I have to say that I made my decision to leave with great reluctance. I was prepared to stay and shelter in place. However, the necessary measures taken by the Austrian government to ensure the safety of its population were becoming steadily more restrictive and changing my ability to do what I had come to Austria for. In addition to the changes in my professional activities, other changes mandated by the need for social distancing meant no concerts or plays or opportunities to use the museum pass that I had eagerly purchased. No more rehearsals for the Grazer Universitätsorchester that I had just joined. Someday I will look forward to playing Borodin symphony #2, which was programmed for this semester. I hope the orchestra can still have its concert in June. I could still go for walks, I could still enjoy hearing German around me, I had great internet so I could chat with people at home when I need to. But the inability to travel on the local level filled me with a low-level unease because it resonated on the international level too. For me, as a Germanist, it was particularly difficult to leave Austria—in addition, I did feel much safer in a number of ways in Austria under the current circumstances. However, my family is in North Carolina. So, by the last week of March, both the head and the heart agreed that the time had come to return to the US.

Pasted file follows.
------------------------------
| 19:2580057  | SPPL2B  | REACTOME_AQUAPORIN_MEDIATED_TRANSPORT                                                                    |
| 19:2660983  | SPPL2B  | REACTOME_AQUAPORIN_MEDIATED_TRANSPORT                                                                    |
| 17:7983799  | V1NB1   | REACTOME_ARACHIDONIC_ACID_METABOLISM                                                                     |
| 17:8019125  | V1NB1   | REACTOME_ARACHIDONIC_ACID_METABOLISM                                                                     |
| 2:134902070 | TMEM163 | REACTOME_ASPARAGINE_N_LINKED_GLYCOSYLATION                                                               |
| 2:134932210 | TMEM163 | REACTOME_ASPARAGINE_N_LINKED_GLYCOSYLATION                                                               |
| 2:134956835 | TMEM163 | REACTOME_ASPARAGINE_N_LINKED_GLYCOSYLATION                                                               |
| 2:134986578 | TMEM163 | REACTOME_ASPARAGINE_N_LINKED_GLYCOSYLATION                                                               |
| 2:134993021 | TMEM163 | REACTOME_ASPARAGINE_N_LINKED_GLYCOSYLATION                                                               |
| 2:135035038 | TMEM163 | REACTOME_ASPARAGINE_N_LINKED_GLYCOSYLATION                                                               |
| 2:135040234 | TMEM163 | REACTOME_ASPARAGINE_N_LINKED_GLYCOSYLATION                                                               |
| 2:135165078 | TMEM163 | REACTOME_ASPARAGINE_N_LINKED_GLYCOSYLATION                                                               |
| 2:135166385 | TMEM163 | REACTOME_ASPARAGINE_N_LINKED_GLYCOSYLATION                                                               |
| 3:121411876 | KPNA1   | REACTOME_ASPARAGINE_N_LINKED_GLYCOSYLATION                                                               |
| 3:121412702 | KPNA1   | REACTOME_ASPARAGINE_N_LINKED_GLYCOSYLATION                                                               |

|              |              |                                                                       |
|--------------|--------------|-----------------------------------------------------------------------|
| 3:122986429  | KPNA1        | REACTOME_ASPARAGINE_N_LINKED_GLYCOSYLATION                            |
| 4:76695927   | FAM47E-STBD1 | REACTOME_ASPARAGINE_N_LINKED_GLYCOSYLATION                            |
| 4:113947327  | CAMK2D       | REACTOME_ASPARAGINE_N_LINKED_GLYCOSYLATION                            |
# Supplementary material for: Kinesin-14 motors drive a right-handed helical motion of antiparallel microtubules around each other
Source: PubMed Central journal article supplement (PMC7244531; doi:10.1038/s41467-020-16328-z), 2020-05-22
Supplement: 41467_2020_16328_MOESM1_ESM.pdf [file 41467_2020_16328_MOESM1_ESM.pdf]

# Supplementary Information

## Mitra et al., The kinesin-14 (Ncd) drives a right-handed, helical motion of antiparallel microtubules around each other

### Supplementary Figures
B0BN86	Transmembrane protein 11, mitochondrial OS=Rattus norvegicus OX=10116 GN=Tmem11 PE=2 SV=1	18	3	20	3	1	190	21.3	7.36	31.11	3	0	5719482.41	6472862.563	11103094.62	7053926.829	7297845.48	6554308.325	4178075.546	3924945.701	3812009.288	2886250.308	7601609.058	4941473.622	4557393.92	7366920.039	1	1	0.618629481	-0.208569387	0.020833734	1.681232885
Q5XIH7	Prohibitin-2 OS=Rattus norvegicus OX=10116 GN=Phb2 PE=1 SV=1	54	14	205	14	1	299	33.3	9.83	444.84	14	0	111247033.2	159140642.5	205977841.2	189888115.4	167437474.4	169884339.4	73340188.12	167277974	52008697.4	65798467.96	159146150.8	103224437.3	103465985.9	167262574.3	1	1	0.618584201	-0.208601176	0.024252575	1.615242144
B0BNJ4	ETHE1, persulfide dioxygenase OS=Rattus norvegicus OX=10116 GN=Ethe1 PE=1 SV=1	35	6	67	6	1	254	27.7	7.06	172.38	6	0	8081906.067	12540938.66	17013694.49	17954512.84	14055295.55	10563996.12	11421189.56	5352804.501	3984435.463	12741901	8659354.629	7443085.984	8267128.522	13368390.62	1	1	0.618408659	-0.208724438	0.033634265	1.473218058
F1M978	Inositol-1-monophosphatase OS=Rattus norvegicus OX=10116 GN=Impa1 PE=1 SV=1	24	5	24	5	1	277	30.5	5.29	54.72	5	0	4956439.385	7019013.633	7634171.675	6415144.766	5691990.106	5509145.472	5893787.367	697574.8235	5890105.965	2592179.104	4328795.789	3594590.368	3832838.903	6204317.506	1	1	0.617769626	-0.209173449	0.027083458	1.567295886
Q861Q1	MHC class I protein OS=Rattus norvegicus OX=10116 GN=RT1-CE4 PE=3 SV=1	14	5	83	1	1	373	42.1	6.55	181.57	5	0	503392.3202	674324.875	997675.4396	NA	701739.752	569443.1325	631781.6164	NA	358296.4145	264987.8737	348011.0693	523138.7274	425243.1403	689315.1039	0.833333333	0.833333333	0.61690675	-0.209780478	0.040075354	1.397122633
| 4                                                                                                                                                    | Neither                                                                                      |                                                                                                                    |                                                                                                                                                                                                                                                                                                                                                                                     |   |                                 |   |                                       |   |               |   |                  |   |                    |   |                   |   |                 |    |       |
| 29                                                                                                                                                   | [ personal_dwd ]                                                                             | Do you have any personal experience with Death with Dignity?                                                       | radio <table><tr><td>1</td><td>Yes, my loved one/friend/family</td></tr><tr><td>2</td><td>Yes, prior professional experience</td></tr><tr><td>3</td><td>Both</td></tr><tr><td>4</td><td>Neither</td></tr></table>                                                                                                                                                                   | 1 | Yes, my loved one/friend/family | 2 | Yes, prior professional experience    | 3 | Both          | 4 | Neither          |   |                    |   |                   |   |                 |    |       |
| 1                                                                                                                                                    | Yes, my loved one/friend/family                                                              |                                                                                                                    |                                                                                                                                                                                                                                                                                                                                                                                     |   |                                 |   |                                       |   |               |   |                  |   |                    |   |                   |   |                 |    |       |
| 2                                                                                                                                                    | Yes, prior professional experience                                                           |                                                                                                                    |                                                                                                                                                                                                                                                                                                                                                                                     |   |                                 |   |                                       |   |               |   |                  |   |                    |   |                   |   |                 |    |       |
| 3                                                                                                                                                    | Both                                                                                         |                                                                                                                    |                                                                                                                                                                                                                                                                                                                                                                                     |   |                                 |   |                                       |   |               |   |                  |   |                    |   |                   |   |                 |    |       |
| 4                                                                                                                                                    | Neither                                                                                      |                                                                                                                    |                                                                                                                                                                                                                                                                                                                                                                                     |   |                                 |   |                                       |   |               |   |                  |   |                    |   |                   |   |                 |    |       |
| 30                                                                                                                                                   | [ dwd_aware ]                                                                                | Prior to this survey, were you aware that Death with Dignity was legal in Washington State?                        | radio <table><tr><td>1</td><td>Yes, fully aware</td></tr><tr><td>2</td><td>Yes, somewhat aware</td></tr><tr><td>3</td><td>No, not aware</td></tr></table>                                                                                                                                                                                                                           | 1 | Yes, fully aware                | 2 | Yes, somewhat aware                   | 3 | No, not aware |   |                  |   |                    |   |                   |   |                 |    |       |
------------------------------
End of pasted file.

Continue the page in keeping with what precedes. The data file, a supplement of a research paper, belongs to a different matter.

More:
During my last week in Graz, however, I had one of those serendipitous experiences that reminded me why international exchange programs like Fulbright are so important. I was taking my glass recycling out to the containers behind our building—I had a lovely apartment on the sixth floor of a building on the edge of the Stadtpark in Graz. Though the building thankfully had an elevator, I usually took the stairs—in times of social distancing, six flights of stairs offer good opportunity for exercise! My building had two medical practices, a beauty salon, an architectural firm, a real-estate office, and seven flats that seemed to be mostly second residences and/or rentals (like the one I was in). I seldom saw anyone in the building, even on the weekdays. Imagine my surprise on this Sunday morning when I encountered an older woman opening the front door in front of me. I stopped, to try to keep at least a meter between us, and I fully expected her to let the door close behind her rather than holding it open for me—neither of us had long enough arms to keep us at a proper distance! But she did hold the door, I thanked her, and we laughed that we could stay mostly apart from one another and still be polite and neighborly. We actually struck up a conversation as we walked away from our building: how are things going, how interesting to experience such solitude (we were each living alone), how unfortunate that I was in Austria at this particular time, how our need to isolate reminded my neighbor of stories she had heard about people in hiding during the Second World War, how challenging it was to work at home, how lovely it was to connect. We only spoke for about 8–10 minutes, but it was a delightful interchange.